I am trying to deploy a crash-resilient distributed deployment in PyTorch. Assume that node of rank 0 controls the learning process. Now, if this node fails/crashes, I want node 1 to continue the job of node 0 and somehow notifies other nodes of the change. One way to do this is to assign the rank 0 to node 1 so that all nodes can communicate directly as usual with node 0 (which was node 1 before the change). Is there any way to do this?
Hey @aguirguis, if you are looking for elastic training for distributed data parallel, torchelastic is built for this purpose. It will conduct re-rendezvous on living nodes when failure occurs.
thanks @mrshenli. @aguirguis, here’s the quickstart guide for TorchElastic (http://pytorch.org/elastic/0.2.0rc0/quickstart.html). If you are familiar with
torch.distributed.launch things should look familiar. We’ve also written a kubernetes controller in collaboration with EKS, which you can check out here: http://pytorch.org/elastic/0.2.0rc0/kubernetes.html
Thank you @mrshenli and @Kiuk_Chung for your responses; they are really helpful.
I have two follow-up questions:
- According to this design, I have to run an etcd server, right? this is still a single point of failure. Is there any way to circumvent that?
- Is there any way to force some specific values for ranks to some specific nodes?
Thanks a lot.
Thanks @Kiuk_Chung for your answers. I will check the etcd FAQ.
I’m thinking of a parameter server deployment with a crash tolerance to the central server. I want to deploy, let’s say, 2 servers so that if one crashes, the other one takes over. Yet, I want this to be transparent to the workers, i.e., they still send their gradients normally to the process with rank 0.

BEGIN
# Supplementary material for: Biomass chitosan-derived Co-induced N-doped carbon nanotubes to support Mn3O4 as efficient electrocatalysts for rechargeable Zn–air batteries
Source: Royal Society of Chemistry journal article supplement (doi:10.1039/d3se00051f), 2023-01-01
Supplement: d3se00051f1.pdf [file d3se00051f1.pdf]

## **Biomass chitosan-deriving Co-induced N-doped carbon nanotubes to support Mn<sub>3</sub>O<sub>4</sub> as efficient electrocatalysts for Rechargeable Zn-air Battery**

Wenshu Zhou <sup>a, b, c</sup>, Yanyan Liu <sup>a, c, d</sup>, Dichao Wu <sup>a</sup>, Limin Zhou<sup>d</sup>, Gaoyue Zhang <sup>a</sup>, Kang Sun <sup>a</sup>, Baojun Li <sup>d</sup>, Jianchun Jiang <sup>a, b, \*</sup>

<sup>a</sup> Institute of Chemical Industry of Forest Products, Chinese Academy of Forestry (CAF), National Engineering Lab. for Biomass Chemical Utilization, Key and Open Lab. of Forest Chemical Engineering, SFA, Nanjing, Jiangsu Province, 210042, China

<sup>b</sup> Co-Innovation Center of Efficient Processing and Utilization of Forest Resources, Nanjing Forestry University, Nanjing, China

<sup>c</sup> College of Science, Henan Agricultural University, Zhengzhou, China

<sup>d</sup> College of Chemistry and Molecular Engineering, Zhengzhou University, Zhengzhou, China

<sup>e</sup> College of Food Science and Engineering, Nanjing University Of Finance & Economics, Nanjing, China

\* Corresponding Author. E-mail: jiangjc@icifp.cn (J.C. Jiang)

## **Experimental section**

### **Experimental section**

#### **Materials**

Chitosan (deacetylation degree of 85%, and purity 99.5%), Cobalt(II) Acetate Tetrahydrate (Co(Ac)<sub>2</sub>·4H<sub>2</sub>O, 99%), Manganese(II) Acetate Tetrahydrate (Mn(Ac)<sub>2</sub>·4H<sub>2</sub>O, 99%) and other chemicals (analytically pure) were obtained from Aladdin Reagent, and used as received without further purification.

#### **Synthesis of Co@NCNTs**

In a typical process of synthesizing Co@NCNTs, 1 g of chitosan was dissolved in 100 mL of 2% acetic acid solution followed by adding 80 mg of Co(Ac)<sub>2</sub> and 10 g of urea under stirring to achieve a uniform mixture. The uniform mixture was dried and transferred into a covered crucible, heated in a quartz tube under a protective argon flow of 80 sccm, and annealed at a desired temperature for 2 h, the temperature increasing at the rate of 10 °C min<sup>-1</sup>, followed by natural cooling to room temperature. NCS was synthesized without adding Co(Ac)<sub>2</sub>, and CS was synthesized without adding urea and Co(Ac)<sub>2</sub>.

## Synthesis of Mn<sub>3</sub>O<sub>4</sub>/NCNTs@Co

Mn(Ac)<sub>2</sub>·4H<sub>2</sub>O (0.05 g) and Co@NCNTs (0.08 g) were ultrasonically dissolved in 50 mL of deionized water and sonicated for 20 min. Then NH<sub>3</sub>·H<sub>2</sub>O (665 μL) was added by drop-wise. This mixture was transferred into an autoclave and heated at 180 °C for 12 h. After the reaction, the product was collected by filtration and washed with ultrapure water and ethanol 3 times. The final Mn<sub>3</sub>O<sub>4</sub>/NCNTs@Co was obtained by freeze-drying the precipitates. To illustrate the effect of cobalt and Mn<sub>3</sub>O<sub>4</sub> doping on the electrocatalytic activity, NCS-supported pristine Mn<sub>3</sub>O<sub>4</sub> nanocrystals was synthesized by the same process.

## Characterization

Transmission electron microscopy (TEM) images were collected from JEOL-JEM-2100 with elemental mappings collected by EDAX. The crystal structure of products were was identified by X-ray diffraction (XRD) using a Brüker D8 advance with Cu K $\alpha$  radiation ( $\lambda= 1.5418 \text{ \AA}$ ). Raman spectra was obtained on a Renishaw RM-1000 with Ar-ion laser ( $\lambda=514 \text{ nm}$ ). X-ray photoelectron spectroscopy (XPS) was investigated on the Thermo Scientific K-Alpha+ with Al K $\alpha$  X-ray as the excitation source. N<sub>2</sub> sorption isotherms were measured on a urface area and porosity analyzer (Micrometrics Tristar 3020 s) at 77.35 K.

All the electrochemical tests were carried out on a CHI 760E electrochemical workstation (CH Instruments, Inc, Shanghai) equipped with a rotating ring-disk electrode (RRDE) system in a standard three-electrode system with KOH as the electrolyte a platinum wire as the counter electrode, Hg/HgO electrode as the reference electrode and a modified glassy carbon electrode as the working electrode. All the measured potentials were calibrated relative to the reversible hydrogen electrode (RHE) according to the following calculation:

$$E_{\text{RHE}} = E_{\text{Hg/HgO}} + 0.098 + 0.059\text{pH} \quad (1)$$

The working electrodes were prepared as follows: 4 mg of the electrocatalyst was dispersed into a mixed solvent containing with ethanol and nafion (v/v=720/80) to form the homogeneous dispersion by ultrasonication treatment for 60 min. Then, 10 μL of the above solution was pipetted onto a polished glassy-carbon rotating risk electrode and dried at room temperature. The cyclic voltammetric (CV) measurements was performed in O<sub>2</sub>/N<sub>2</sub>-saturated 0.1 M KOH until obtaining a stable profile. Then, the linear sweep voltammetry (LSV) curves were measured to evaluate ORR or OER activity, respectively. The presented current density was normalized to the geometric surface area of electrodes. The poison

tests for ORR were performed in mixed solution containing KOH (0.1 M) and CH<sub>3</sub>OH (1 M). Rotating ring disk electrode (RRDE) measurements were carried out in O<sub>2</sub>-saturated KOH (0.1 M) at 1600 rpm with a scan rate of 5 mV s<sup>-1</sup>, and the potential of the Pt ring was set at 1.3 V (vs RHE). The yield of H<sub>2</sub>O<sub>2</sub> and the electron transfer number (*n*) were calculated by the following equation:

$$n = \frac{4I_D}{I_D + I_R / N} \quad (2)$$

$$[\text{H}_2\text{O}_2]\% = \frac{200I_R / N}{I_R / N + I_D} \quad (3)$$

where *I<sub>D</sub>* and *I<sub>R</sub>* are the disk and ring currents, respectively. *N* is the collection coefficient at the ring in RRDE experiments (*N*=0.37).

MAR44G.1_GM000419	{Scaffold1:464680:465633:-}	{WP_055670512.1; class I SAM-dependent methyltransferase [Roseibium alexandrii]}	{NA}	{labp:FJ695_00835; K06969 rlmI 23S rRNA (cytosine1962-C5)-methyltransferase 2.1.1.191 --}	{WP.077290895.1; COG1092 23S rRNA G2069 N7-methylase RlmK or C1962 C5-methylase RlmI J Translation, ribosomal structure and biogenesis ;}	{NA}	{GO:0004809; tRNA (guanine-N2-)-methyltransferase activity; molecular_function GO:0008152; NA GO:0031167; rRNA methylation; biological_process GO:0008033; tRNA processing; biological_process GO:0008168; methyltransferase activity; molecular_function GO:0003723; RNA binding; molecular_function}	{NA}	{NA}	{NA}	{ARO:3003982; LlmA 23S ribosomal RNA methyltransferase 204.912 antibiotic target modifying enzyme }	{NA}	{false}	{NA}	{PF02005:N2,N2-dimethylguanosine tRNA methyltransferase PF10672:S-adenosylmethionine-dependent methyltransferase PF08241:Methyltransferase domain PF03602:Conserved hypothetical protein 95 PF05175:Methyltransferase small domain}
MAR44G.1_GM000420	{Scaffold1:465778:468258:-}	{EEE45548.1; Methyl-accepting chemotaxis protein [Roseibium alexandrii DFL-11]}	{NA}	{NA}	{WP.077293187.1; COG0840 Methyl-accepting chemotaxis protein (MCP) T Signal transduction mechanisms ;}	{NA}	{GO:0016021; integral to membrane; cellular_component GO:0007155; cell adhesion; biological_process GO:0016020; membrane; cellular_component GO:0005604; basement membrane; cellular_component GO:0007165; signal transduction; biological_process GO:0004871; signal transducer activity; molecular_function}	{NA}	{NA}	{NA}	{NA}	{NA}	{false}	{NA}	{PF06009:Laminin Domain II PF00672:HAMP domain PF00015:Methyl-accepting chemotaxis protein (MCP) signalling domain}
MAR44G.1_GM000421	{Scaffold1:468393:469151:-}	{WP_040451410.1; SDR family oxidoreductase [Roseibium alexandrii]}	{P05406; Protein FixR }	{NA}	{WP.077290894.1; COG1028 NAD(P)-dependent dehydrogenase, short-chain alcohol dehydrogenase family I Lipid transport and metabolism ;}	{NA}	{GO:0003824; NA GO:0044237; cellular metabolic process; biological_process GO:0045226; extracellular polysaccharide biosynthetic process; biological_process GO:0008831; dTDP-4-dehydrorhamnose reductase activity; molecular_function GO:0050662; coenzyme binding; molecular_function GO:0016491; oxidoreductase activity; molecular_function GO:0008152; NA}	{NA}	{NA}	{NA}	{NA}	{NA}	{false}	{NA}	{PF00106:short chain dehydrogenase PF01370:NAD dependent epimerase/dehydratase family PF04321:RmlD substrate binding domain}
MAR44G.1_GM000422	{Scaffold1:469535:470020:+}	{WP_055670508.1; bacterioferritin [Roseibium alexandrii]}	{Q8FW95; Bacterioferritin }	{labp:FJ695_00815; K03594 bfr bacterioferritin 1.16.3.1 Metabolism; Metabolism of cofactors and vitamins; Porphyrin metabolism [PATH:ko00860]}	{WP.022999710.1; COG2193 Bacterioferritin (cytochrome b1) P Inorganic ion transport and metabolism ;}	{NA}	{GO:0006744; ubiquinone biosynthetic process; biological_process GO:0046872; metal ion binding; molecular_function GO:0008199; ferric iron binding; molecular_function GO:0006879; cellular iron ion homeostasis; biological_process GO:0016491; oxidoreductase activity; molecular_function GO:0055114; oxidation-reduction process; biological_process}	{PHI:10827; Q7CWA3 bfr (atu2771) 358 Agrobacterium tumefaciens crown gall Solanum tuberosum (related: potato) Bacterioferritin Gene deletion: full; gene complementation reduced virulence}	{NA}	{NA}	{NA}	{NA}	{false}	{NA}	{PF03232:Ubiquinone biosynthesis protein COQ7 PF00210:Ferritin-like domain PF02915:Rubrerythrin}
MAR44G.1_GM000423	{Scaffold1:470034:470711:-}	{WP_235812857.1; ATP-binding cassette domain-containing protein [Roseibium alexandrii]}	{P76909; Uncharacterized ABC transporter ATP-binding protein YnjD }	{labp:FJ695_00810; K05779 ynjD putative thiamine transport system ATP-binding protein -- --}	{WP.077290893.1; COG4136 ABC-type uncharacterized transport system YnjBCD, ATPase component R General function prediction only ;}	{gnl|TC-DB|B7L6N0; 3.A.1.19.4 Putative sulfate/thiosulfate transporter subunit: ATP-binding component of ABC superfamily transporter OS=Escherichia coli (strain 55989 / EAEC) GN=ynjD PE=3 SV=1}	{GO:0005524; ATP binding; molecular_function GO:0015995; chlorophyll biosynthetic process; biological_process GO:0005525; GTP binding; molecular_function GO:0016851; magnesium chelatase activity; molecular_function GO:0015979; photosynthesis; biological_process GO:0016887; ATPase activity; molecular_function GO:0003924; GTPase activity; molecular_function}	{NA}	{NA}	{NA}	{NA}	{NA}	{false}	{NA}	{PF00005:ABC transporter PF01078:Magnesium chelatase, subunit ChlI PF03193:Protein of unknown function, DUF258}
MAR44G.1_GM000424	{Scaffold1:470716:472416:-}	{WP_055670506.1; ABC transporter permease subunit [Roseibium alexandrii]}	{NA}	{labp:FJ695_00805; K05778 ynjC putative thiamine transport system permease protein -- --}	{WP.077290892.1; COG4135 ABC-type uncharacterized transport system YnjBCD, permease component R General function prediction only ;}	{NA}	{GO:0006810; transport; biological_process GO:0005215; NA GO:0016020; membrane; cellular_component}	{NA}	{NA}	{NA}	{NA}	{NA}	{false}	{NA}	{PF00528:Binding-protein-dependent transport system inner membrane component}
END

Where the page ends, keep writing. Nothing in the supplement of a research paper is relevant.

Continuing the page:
Is there an easy and cheap way to do this currently?
You could do this using torch rpc. Say your parameter servers follow some naming convention like “ps:##” and you know the total ps replicas. Then you could round robin or fall back to the surviving parameter servers if an rpc call fails.
How do you plan on keeping the data in the parameter servers replicated so that you are tolerant to ps failures?
Yes, I was actually thinking of using rpc. My only concern is about its performance, compared to the other collective primitives (e.g., gather, broadcast…etc.). Can you comment on this performance comparison?
The problem of consistency among PSes could be solved using checkpoints. Assume there is one primary PS, I’d let this PS only to update the model and periodically checkpoint it to some persistent database. If it crashes, the backup PS first loads the latest checkpoint and then continues training normally. How does that sound?